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TechRepublic Resource Guide TechRepublic Resource Guide Document Transcript

  • TechRepublic Resource Guide: Voice over Internet Protocol (VoIP) TechRepublic Resource Guide Voice over Internet Protocol (VoIP) Contents Mini glossary: Voice over IP (VoIP) terms you should know…………………………………….2 Learn about the terms, phrases and abbreviations that are essential to understanding the language of VoIP technologies, services and solutions. 10 ways to make your VoIP rollout easier……………………………………………………………7 Learn how to make the transition to VoIP a little easier by following these proven and easy-to- understand recommendations. Perform effective VoIP network capacity planning…………………………………………………9 Explore the techniques for VoIP network capacity measurement, planning and design. 10 things you should know about VoIP over wireless.............................................................13 Gain a better understanding of VoIP over wireless (wVoIP) for substantial savings on your telephone service. Sponsored by: Page 1 of 13 Copyright ©2008 CNET Networks, Inc. All rights reserved. For more downloads and a free TechRepublic membership, please visit
  • TechRepublic Resource Guide: Voice over Internet Protocol (VoIP) Mini glossary: Voice over Internet Protocol (VoIP) terms you should know Learn about the terms, phrases and abbreviations that are essentially to understanding the language of VoIP technologies, services and solutions. A M Asynchronous communications Mapping ATA Media Gateway Control Protocol C N Call processor North American Numbering Plan (NANP) Circuit switching Codec P Conference bridge Packet switching Packet D PoE Data compression POTS PSTN E Endpoint Q QoS F Full duplex S SCCP/Skinny H Simple Gateway Control Protocol (SGCP) H 323 Simplex Half duplex SIP High availability Soft switch Softkeys I Softphone IP PBX Synchronous communications IP phone IP telephony T IP TAPI IVR Telephony gateway J V Jitter Voice messaging VoIP session L VoIP Latency Page 2 of 13 Copyright ©2008 CNET Networks, Inc. All rights reserved. For more downloads and a free TechRepublic membership, please visit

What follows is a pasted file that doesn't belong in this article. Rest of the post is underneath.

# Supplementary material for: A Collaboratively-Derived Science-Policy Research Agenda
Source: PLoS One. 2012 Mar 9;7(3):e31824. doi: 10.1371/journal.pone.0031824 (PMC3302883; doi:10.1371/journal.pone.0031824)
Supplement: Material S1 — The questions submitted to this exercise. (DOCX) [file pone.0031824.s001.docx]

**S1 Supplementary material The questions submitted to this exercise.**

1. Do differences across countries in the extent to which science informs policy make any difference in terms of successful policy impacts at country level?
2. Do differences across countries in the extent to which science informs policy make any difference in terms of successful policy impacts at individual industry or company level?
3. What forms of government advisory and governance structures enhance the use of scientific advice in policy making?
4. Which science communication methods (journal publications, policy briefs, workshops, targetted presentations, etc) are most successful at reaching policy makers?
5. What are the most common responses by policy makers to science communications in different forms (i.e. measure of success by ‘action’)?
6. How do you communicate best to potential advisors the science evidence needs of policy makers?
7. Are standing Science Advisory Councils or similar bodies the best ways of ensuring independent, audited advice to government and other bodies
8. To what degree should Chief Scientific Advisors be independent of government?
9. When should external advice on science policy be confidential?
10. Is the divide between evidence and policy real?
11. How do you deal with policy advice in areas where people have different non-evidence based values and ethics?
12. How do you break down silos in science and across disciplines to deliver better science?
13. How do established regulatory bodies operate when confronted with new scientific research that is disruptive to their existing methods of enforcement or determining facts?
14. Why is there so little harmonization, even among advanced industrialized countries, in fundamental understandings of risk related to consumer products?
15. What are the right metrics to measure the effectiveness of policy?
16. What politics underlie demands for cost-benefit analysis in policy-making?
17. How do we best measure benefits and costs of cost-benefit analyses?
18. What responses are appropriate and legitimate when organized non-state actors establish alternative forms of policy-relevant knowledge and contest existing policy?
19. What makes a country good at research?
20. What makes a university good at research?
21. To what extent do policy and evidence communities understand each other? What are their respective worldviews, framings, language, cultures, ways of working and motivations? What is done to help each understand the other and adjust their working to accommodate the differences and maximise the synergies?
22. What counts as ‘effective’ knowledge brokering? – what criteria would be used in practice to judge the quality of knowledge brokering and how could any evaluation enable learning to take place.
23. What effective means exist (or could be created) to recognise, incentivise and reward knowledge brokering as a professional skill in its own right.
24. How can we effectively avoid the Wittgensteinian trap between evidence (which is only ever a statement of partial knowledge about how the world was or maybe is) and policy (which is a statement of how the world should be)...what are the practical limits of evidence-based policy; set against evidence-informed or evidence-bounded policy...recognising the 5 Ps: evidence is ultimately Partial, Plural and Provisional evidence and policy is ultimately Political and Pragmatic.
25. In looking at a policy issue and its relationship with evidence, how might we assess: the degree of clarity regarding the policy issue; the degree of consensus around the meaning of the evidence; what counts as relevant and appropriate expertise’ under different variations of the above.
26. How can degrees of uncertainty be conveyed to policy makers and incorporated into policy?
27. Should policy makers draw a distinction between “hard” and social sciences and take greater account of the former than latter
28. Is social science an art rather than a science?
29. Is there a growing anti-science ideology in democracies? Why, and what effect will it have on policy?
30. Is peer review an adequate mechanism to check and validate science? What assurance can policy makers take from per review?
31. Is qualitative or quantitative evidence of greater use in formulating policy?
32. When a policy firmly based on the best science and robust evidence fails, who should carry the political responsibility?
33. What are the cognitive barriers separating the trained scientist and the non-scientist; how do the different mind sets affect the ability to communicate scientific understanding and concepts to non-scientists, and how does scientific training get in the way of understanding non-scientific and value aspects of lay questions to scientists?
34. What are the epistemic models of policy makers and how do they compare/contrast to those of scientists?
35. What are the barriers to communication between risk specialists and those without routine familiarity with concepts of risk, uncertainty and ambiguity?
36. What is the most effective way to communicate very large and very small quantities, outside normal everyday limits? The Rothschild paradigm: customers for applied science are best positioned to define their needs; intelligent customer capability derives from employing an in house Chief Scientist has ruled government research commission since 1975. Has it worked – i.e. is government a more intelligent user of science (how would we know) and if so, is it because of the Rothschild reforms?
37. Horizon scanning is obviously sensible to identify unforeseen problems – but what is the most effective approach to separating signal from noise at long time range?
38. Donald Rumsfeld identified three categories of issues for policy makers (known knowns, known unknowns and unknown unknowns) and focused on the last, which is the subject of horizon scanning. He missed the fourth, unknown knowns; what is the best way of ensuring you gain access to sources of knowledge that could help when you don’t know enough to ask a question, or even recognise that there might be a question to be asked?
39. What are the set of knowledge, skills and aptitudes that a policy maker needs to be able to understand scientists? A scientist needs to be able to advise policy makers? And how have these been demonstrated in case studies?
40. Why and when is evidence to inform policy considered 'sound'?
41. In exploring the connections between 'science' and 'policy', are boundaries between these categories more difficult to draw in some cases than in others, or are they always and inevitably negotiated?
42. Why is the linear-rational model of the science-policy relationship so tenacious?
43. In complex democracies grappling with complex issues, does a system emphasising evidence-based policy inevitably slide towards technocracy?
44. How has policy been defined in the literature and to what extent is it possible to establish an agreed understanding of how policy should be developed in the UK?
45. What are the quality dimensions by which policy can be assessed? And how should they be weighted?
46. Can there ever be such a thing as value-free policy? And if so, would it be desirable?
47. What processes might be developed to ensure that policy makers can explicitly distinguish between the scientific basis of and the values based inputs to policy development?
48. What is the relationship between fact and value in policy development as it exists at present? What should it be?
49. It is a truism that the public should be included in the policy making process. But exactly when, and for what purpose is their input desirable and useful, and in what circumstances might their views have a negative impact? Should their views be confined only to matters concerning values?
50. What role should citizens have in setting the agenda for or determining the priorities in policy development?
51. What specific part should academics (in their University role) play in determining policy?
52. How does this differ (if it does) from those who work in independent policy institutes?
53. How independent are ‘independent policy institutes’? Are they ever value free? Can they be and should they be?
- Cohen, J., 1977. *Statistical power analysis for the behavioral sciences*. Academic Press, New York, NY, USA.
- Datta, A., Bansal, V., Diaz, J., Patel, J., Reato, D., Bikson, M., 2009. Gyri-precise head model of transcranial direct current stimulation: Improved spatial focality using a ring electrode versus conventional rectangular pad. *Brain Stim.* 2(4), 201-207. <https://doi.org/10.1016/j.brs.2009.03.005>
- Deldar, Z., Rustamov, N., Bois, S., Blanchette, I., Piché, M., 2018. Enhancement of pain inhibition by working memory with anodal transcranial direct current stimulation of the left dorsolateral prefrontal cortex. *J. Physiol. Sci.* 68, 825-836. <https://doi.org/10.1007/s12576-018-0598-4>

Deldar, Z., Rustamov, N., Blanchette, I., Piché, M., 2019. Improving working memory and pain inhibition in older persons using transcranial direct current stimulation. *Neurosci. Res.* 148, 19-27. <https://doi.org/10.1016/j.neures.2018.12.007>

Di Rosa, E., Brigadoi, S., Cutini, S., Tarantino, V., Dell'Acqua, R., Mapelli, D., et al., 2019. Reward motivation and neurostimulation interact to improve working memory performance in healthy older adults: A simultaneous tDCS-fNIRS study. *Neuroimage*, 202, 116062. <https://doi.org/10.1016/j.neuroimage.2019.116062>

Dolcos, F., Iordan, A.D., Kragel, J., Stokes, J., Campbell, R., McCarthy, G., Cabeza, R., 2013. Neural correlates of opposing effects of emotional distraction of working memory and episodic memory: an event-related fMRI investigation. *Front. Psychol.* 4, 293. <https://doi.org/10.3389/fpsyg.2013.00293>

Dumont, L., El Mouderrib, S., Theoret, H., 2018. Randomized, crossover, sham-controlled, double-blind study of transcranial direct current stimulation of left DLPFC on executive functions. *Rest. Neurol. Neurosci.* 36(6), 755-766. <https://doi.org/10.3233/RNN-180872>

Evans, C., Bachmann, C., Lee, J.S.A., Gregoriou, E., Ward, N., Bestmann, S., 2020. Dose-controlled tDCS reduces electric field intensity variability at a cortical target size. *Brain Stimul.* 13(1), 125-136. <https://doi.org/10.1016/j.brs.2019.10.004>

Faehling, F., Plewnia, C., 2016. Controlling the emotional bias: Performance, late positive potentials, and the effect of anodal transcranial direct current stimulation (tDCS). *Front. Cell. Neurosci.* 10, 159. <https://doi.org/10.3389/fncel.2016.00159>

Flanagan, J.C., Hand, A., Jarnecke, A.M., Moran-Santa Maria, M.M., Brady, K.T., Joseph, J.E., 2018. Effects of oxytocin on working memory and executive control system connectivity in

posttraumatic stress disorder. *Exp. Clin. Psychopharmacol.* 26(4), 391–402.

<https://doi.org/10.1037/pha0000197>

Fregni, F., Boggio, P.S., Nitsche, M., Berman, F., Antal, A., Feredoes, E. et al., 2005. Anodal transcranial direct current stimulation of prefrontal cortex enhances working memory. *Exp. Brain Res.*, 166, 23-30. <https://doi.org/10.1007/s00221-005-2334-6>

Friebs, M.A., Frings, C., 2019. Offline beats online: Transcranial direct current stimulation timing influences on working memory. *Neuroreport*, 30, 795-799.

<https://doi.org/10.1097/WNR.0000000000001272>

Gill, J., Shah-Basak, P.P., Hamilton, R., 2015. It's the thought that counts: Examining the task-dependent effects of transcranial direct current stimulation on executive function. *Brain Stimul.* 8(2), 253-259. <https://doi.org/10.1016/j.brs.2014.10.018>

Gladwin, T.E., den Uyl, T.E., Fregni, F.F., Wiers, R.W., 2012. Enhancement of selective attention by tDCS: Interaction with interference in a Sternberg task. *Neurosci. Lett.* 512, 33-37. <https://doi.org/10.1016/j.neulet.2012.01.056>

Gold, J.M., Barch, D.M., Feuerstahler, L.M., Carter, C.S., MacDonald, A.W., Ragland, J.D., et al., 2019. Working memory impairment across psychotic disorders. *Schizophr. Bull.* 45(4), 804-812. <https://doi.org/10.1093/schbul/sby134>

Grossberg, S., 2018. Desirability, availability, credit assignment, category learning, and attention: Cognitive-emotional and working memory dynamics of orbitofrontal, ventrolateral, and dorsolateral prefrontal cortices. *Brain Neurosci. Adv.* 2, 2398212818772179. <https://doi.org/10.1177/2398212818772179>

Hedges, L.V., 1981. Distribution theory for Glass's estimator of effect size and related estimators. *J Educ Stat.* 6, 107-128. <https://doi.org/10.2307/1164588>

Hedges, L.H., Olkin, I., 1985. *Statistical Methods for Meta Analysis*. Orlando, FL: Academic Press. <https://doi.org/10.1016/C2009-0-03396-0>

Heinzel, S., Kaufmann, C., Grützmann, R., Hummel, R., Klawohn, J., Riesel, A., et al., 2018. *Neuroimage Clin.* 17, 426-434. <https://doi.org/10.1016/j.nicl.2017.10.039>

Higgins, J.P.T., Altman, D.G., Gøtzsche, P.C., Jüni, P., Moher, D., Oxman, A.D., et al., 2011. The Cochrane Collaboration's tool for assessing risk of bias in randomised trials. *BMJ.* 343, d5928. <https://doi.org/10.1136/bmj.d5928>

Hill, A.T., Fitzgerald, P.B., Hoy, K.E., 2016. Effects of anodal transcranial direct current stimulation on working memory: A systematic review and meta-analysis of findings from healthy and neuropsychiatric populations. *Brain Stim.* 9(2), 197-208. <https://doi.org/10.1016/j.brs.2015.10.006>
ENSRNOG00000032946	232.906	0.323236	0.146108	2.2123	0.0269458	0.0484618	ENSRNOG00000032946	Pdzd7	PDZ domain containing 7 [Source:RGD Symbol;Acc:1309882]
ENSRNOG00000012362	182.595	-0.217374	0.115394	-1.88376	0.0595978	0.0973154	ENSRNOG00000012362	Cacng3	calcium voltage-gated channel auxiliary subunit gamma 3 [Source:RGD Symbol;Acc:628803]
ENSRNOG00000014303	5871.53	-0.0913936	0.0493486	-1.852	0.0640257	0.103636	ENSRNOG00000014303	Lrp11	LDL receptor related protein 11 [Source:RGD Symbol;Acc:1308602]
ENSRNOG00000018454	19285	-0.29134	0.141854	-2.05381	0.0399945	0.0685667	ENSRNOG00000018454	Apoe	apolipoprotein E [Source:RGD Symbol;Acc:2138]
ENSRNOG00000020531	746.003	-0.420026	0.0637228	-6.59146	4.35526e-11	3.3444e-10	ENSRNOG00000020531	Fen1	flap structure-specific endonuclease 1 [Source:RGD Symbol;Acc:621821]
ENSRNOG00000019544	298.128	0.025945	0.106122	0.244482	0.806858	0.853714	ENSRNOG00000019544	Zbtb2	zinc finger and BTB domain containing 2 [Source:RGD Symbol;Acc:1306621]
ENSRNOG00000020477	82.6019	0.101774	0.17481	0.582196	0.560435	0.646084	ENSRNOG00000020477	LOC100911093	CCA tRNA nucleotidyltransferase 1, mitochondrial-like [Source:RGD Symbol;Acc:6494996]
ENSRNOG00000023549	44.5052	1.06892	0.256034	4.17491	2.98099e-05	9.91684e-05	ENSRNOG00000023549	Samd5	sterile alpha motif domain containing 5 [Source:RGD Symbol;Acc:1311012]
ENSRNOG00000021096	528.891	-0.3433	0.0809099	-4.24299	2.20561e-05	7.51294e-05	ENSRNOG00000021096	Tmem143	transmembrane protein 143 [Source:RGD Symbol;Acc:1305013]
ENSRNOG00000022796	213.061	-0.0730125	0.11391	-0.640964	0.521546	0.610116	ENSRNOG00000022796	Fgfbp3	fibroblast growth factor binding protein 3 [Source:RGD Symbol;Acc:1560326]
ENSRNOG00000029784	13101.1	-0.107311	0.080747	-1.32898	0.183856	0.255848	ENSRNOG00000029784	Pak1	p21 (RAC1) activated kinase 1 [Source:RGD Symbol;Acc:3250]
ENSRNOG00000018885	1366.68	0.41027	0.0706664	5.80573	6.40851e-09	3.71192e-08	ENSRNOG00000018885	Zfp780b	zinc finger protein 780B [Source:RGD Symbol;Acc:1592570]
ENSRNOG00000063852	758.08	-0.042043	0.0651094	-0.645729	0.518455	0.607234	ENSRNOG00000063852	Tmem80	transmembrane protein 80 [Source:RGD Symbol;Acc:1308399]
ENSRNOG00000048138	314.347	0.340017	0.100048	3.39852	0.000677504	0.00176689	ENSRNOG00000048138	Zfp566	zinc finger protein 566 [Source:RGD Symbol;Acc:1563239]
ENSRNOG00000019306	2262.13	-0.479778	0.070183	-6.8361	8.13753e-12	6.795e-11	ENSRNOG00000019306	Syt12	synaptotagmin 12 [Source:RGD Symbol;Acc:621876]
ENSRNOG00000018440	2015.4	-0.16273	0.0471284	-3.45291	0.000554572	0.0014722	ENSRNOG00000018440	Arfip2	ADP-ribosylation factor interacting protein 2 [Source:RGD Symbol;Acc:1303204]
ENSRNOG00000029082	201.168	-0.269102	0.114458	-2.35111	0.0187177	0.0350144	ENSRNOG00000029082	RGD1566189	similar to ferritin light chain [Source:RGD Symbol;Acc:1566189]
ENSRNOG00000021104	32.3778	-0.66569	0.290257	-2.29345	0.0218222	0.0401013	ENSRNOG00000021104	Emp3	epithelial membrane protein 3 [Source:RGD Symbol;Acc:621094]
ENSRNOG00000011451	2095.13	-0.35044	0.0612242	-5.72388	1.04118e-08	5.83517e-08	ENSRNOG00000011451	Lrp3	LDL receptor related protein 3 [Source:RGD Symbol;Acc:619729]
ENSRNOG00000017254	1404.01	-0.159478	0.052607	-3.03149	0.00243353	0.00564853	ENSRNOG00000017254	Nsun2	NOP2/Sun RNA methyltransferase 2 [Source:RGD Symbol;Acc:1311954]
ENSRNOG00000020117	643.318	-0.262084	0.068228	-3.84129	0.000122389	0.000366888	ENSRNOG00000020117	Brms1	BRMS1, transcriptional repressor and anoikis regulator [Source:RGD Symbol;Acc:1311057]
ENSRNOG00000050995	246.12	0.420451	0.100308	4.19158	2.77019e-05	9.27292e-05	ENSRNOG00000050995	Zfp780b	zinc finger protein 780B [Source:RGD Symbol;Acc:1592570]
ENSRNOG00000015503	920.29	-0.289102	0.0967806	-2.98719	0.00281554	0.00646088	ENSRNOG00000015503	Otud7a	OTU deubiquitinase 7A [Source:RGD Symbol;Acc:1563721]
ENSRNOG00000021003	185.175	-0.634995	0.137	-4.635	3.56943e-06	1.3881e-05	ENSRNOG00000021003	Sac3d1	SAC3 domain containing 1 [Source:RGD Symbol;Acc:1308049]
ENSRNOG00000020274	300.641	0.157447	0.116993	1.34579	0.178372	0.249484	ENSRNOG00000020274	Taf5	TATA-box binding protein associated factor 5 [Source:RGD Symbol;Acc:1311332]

• TechRepublic Resource Guide: Voice over Internet Protocol (VoIP) Asynchronous communications Transmission method whereby bits are sent without synchronizing via a clock signal, but instead using start and stop bits to identity the beginning and ending of each block of data. ATA Analog Telephone Adapter; a device by which you can connect a regular analog phone (wired or cordless) to the Internet to make and receive VoIP calls. It converts the analog signal from the phone to digital and is available from VoIP providers such as Vonage or Lingo. Call processor VoIP providers' equipment that receives the phone number you dial, checks it for format validity, and maps it to an IP address. Circuit switching Older, less efficient but reliable technology used by the regular public switched telephone network (also see PSTN and POTS). A connection called a circuit is established for the duration of the call. Codec Coder-decoder software that converts audio signals into compressed digital signals so they can be transmitted across a digital network. It then converts them back to analog at the other end. Conference bridge A device for connecting several parties in a phone call so that all participants can hear one another. Data compression Methods of reducing the number of bits in a set of data so it can be transmitted more quickly over the network and then expanded to its original size when it reaches the destination. Endpoint A phone or computer associated with a phone number and temporarily or permanently assigned an IP address. Full duplex The ability of devices at both ends of a communications to send and receive information simultaneously. H 323 A set of protocol standards established by the International Telecommunications Unions (ITU) originally designed for video conferencing and also used for VoIP. Half duplex The ability to send data in two directions, but only one direction at a time. High availability Methods of ensuring rapid recovery from hardware or software failure employing redundancy and failover to backup components. Page 3 of 13 Copyright ©2008 CNET Networks, Inc. All rights reserved. For more downloads and a free TechRepublic membership, please visit